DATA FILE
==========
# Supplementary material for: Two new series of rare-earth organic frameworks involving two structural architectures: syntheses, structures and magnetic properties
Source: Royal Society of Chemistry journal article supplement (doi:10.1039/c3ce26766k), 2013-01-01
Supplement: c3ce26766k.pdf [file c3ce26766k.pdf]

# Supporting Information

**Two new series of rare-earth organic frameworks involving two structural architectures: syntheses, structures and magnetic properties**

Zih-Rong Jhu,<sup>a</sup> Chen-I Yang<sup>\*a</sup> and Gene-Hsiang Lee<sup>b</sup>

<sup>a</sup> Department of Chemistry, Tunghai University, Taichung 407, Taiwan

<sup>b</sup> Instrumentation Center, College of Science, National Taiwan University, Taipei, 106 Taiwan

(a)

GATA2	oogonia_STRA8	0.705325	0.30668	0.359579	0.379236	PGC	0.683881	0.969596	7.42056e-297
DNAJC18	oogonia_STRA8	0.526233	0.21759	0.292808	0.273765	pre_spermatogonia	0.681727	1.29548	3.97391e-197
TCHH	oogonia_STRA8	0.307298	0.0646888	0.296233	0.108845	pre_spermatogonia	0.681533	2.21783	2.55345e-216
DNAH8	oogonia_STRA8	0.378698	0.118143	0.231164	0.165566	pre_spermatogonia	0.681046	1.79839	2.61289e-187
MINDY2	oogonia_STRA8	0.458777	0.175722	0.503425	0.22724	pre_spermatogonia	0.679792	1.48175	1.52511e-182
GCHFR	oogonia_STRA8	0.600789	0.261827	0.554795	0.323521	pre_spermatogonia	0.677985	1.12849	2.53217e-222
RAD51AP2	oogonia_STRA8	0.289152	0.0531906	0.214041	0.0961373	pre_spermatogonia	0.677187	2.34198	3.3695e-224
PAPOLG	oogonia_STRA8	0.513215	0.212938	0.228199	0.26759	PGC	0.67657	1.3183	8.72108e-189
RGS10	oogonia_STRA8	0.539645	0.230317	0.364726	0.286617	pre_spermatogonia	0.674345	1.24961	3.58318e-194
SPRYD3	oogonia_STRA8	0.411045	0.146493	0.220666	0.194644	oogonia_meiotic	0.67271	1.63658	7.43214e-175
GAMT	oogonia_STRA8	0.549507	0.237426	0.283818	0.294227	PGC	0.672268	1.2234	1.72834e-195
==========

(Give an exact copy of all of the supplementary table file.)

# Supplementary material for: Two new series of rare-earth organic frameworks involving two structural architectures: syntheses, structures and magnetic properties
Source: Royal Society of Chemistry journal article supplement (doi:10.1039/c3ce26766k), 2013-01-01
Supplement: c3ce26766k.pdf [file c3ce26766k.pdf]

# Supporting Information

**Two new series of rare-earth organic frameworks involving two structural architectures: syntheses, structures and magnetic properties**

Zih-Rong Jhu,<sup>a</sup> Chen-I Yang<sup>\*a</sup> and Gene-Hsiang Lee<sup>b</sup>

<sup>a</sup> Department of Chemistry, Tunghai University, Taichung 407, Taiwan

<sup>b</sup> Instrumentation Center, College of Science, National Taiwan University, Taipei, 106 Taiwan

(a)

GATA2	oogonia_STRA8	0.705325	0.30668	0.359579	0.379236	PGC	0.683881	0.969596	7.42056e-297
DNAJC18	oogonia_STRA8	0.526233	0.21759	0.292808	0.273765	pre_spermatogonia	0.681727	1.29548	3.97391e-197
TCHH	oogonia_STRA8	0.307298	0.0646888	0.296233	0.108845	pre_spermatogonia	0.681533	2.21783	2.55345e-216
DNAH8	oogonia_STRA8	0.378698	0.118143	0.231164	0.165566	pre_spermatogonia	0.681046	1.79839	2.61289e-187
MINDY2	oogonia_STRA8	0.458777	0.175722	0.503425	0.22724	pre_spermatogonia	0.679792	1.48175	1.52511e-182
GCHFR	oogonia_STRA8	0.600789	0.261827	0.554795	0.323521	pre_spermatogonia	0.677985	1.12849	2.53217e-222
RAD51AP2	oogonia_STRA8	0.289152	0.0531906	0.214041	0.0961373	pre_spermatogonia	0.677187	2.34198	3.3695e-224
PAPOLG	oogonia_STRA8	0.513215	0.212938	0.228199	0.26759	PGC	0.67657	1.3183	8.72108e-189
RGS10	oogonia_STRA8	0.539645	0.230317	0.364726	0.286617	pre_spermatogonia	0.674345	1.24961	3.58318e-194
SPRYD3	oogonia_STRA8	0.411045	0.146493	0.220666	0.194644	oogonia_meiotic	0.67271	1.63658	7.43214e-175
GAMT	oogonia_STRA8	0.549507	0.237426	0.283818	0.294227	PGC	0.672268	1.2234	1.72834e-195